Moda Health Plan may have won a $214 million judgment against the federal government, but Uncle Sam won’t be cutting a check any time soon.
“It will not be a simple process,” said Harry Wilson, a shareholder at Markowitz Herbold PC who represents clients in high-stakes commercial litigation.
Moda contends the government reneged on its promise to compensate insurers under an Affordable Care Act program that was designed to reduce risk for plans on the newly created health exchanges. Moda has collected only $15 million under the “risk corridor” program for 2014 and contends it's still owed $214 million through 2015.
Moda isn’t alone. The Department of Health and Human Services owed insurers nearly $3 billion under the three-year program in 2014 alone. And several others have filed lawsuits in an effort to collect what they’re owed, even some that have gone out of business due to high losses, such as the former Health Republic Insurance Co., based in Lake Oswego.
Complicating matters for Moda, Wilson said, is the fact that another judge on the U.S. Court of Federal Claims dismissed one of the other lawsuits. Chicago-based Land of Lincoln’s $73 million claim is on appeal.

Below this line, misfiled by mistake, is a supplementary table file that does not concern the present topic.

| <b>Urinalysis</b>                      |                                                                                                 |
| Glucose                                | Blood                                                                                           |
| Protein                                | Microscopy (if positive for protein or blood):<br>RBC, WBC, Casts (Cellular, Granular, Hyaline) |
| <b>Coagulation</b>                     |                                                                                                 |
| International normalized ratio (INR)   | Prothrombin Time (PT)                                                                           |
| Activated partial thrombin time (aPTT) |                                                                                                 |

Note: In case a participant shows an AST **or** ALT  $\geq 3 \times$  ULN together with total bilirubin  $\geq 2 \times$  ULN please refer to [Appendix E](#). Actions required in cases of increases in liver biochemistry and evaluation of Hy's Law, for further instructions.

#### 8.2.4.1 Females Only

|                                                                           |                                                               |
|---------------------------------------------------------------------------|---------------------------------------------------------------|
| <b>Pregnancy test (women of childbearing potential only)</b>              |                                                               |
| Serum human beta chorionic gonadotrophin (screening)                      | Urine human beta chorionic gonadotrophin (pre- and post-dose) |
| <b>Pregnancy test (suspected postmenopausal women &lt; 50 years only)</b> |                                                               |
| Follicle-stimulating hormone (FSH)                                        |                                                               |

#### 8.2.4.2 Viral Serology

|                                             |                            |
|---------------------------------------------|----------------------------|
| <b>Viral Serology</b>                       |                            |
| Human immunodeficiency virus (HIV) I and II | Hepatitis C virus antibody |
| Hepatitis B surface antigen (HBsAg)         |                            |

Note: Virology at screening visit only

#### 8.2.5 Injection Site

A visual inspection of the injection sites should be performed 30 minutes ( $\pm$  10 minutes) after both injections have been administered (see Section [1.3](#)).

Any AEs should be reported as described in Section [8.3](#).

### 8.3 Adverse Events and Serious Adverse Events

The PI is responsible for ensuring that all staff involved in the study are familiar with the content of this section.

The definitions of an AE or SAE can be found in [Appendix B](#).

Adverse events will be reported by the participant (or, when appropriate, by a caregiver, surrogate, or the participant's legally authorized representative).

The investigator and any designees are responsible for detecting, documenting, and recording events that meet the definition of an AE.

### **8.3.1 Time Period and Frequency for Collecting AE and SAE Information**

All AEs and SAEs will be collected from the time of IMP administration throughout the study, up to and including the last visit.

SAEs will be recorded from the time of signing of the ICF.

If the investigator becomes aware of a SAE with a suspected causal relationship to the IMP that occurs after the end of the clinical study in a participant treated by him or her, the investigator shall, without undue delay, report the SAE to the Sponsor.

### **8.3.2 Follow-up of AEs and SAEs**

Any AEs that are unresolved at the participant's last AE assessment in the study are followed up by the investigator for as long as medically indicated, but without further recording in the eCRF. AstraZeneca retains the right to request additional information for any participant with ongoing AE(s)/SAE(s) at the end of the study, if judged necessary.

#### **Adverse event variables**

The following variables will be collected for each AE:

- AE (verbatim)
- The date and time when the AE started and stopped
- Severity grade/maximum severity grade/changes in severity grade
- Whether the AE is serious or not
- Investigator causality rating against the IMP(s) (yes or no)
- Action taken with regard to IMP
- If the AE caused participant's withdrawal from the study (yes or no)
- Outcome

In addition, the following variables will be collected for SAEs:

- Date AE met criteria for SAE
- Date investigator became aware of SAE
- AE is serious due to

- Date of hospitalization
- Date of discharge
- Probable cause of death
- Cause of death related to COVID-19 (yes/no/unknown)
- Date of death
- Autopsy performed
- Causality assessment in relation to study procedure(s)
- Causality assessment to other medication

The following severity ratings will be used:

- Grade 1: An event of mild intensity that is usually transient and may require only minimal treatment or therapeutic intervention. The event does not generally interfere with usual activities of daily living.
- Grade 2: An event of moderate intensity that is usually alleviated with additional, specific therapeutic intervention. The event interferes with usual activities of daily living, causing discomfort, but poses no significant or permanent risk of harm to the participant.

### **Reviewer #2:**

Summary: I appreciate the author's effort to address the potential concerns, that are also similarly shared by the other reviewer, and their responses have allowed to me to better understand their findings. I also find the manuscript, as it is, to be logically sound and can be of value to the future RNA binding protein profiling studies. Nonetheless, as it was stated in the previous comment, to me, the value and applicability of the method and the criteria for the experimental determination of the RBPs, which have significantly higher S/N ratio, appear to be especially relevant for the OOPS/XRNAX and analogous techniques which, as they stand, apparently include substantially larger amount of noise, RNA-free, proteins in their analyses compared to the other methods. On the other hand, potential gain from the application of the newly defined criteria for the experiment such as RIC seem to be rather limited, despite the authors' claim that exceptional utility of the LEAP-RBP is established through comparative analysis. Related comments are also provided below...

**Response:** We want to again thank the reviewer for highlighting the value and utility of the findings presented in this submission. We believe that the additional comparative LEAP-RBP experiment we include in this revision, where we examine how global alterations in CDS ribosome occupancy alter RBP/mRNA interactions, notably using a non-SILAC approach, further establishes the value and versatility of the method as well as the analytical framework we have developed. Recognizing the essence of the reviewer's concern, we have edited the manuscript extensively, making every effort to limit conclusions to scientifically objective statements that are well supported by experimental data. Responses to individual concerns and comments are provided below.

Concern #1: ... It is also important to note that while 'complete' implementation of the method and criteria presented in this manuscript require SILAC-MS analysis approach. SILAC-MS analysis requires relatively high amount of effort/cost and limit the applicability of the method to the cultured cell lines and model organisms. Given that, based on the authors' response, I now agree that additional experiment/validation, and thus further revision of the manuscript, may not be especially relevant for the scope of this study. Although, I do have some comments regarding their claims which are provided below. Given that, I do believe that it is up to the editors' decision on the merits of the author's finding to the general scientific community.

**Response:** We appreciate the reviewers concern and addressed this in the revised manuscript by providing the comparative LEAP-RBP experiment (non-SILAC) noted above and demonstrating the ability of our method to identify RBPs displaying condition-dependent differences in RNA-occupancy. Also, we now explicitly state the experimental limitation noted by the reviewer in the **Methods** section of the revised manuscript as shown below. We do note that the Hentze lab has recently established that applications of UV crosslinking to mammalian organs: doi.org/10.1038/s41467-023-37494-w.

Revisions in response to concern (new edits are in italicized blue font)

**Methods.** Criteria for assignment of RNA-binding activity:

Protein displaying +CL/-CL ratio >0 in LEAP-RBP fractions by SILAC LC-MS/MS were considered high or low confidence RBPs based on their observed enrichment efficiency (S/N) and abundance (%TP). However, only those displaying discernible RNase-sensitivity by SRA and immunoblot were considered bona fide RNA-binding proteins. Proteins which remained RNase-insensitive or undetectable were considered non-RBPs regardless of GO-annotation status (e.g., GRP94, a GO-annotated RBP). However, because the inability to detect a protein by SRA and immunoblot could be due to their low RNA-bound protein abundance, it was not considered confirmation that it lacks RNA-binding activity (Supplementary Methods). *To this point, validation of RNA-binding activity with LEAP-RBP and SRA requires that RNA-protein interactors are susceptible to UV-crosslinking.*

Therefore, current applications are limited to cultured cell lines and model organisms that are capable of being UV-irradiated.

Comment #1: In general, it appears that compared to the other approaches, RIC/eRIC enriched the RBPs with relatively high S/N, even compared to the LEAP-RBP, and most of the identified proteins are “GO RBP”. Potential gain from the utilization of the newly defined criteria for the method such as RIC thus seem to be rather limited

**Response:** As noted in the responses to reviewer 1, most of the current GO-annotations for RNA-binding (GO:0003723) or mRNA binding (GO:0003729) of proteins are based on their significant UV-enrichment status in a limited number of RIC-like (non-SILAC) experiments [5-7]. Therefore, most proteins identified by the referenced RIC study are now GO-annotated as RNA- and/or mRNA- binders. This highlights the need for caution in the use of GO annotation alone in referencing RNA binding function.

“So you have competing decisions from different judges on the same court,” Wilson said.
That could mean the suits are decided on appeal. Given that the Obama administration’s Department of Justice was fighting the insurer lawsuits — and Obama was the architect of the law — the Trump DOJ is sure to push back no less hard, given the current president’s hostility to the ACA.
Once the trial court enters its final order in Moda’s lawsuit, the government will have 60 days to appeal to the U.S. Court of Appeals. Any decision there could be 18 months or more away.
“Who knows what the various ways are to get mixed up in between, especially given the long-term uncertainty involving the Affordable Care Act, as well as the fact we’re in a new administration, and I don’t see things in there that the U.S. Supreme Court would obviously be interested in,” said Jeffrey Dobbins, an associate professor at Willamette University College of Law.
Compounding the uncertainty, four Republican senators in November introduced the HHS Slush Fund Elimination Act to prevent DOJ from settling cases by paying insurers through the Treasury Department’s Judgment Fund, according to The Hill.
“It could be Congress passes the bill, Trump signs it and you have the sticky problem about whether Congress has power to cut off payments on judgments that have been entered or might be entered,” Wilson said.